Saturday, October 23

The landscape that awaits La Palma after the volcano: a portrait of the future in Teneguía


Just 16 kilometers from the mouths of the new La Palma volcano, on the southern tip of the island, there is a window that allows a glimpse of the near future for the areas now affected by the 2021 eruption: the lesson it has left on earth the half century that has elapsed since the Teneguía volcano released its magma in 1971. A vision that is not hypothetical but rather palpable of solidified lava fields only fifty years old.

Approaching the municipality of Fuencaliente to see the transformation caused by an eruption while the volcano in Cumbre Vieja manages lava forcing the ridge where the eruptive fissures have opened. A 30-minute journey stretches to more than an hour, recalling the blow that the palm trees have been enduring since September 19.

The description of the technicians of the General Directorate of Land Use Planning in the Canary Islands says that, once there, we walk on “a recent volcanic landscape, free of vegetation in most of its surface.” Almost everything is “volcanic badlands” that is, “abiotic elements product of the last volcanic eruptions”. To the eyes of a common walker, black slopes stretch down from the volcanic cones to the sea. The path is made by paths that run between very young lava fields, many times taller than a person. The vision allows to easily distinguish where the lava flows and how the earth remains once it cools: dark, irregular, with rocks based on pyroclasts, peeled …

The petrologist from the Faculty of Geology of the Complutenses University of Madrid María José Huertas tells elDiario.es that “the lava flow, when it cools, becomes a very hard rock.” And also, he adds, “as the cooling is very fast, the upper part of the laundry, which is the one that is being emitted at very high temperatures, comes into contact with the air creating a very rough, very rough crust, with lots of starters and outgoing, very cutting “.

“Outdoor Evolution Laboratory”

A simple walk through the Teneguía wash confirms this process. To the right and left of the marked trails extends that crust bristling with countless volcanic pebbles. That barely created landscape, 50 years in geological terms is less than a blink of an eye, it is what in the Canary Islands is called badlands, made up of type AA lava. The term is Hawaiian and comes to mean “stony” or “rough”, but also “to burn” or “fire”. The other type of lava that has cooled down here was pahoe-hoe, also a Hawaiian term that means “soft” and “easy to walk on.” Without human intervention, “many years, thousands, have to pass for that land to be used,” explains Huertas.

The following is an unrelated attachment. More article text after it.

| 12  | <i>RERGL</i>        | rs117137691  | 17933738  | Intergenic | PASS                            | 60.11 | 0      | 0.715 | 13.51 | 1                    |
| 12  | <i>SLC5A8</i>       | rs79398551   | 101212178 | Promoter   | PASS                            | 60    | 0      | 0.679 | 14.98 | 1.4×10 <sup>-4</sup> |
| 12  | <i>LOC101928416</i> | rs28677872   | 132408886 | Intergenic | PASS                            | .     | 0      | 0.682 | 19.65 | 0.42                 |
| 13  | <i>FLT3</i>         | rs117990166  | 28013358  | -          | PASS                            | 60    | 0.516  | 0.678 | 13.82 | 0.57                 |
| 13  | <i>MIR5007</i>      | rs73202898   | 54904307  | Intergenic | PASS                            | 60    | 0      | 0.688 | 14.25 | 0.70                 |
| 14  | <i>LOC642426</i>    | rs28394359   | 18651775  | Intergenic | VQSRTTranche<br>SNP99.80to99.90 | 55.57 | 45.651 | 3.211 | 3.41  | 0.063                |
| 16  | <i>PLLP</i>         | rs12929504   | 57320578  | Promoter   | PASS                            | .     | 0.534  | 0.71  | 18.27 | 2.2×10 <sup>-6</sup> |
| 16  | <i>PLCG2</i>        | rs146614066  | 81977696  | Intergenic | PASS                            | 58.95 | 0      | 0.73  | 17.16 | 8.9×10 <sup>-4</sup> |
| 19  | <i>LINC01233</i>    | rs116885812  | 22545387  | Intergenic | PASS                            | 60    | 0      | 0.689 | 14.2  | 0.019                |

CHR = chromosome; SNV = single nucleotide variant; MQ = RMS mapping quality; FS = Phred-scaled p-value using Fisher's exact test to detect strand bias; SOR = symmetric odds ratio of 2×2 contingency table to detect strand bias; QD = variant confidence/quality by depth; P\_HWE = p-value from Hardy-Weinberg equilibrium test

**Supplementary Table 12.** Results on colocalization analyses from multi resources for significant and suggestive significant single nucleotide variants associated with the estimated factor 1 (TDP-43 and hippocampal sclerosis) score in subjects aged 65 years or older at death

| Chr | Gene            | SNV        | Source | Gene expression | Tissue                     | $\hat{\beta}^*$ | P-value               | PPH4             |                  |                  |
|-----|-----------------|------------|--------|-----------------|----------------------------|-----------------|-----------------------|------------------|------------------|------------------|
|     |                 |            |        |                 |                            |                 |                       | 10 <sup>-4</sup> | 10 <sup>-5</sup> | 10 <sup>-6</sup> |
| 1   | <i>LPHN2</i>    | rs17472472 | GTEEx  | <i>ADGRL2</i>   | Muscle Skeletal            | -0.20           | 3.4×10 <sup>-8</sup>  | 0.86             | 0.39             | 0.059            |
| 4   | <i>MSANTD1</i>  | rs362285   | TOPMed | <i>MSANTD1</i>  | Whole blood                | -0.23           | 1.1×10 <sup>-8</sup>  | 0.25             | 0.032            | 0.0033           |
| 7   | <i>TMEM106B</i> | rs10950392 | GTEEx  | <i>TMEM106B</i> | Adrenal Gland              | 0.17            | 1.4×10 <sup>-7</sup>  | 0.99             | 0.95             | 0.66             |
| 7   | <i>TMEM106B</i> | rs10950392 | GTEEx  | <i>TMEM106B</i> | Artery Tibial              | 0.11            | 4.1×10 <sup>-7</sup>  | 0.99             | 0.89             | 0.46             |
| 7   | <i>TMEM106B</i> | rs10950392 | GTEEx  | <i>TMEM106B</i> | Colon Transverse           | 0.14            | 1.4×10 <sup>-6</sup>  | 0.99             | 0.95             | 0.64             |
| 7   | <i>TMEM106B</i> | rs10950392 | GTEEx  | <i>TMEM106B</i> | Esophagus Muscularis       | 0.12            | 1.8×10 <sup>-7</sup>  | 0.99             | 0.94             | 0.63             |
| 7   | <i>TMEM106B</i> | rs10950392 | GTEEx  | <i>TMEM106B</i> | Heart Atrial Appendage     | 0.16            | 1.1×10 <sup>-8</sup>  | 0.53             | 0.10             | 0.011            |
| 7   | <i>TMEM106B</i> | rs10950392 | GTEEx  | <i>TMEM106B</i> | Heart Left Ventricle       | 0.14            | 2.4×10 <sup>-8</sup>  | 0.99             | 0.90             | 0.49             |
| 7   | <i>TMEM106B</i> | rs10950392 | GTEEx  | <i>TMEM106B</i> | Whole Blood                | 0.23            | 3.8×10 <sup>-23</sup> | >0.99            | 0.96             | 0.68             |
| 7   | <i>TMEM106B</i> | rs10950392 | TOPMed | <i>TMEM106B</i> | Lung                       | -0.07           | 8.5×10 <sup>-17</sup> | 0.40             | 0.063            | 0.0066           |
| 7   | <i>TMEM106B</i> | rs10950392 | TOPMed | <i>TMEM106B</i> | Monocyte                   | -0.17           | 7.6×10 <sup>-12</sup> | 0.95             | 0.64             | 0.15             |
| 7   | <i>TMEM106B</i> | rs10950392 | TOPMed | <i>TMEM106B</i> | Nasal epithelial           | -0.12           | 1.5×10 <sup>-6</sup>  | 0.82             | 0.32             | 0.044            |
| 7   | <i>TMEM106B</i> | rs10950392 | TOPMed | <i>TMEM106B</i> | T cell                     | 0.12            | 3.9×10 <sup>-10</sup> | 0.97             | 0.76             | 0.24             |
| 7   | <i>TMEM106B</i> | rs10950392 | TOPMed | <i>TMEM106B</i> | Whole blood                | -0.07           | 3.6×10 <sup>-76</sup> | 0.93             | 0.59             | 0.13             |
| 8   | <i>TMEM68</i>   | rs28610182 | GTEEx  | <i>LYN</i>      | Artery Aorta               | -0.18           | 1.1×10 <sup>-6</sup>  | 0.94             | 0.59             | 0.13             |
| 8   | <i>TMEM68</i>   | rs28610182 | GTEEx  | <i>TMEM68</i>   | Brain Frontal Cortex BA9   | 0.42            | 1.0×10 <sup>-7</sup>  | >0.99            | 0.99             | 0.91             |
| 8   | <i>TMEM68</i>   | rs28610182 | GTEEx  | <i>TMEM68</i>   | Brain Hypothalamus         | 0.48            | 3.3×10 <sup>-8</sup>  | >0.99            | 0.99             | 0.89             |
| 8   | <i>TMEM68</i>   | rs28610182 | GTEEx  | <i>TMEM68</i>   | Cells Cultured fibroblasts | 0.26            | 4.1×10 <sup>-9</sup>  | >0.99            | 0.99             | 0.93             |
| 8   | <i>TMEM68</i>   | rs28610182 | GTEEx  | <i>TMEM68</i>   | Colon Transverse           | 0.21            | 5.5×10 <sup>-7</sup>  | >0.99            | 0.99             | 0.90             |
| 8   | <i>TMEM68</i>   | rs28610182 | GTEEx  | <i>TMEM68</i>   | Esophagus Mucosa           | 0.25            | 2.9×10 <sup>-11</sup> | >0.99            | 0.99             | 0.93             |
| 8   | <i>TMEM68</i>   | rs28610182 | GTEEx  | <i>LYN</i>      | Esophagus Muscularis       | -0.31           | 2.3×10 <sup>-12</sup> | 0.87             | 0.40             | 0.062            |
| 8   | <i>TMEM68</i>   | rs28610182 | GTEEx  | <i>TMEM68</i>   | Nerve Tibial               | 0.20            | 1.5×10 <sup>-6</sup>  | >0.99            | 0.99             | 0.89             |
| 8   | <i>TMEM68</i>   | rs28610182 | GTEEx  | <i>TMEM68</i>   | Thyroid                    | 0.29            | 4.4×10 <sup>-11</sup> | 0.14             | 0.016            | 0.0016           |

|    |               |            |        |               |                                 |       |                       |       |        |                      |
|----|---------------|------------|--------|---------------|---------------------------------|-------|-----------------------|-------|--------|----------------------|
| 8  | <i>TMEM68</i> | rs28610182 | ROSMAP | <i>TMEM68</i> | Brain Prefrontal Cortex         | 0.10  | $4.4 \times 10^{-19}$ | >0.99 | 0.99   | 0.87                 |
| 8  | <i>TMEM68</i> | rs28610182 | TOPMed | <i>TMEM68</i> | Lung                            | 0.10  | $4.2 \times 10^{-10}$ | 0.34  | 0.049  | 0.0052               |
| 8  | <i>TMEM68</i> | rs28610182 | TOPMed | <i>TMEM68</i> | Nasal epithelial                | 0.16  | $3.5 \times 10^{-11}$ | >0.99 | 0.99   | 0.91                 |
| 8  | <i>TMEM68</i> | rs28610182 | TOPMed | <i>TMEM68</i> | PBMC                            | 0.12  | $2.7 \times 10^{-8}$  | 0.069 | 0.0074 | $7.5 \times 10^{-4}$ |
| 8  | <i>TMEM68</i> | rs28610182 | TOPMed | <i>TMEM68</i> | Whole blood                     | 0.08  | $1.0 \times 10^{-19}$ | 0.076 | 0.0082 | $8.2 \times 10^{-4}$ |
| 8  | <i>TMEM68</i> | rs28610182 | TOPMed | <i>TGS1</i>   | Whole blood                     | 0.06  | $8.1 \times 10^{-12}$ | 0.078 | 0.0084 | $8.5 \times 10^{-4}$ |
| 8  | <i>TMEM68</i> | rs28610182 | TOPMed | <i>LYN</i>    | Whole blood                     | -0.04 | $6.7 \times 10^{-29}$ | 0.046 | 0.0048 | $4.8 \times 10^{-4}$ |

During these days, the place remains almost deserted. Only a couple of scientific groups are observed studying how the eruption affects the ocean. In fact, they take samples at the Echentive beach, which was created with the arrival of the lava from Teneguía to the sea.

This land “is a laboratory of evolution in the open air”, according to the document of conservation norms of this space. “The lava flows and pyroclastic material from the Teneguía covered a large part of the space, destroying the vegetation and burying the soils with plant formations, not being able to recolonize the expelled materials.”

What you can see when you pass through the streams are small green patches of some bushes that are slowly recovering the ground for plants. Among the species that surround and penetrate the rock, botanists describe a unique variety from La Palma that they call cabezón del Teneguía. It only grows on this small portion of the Earth.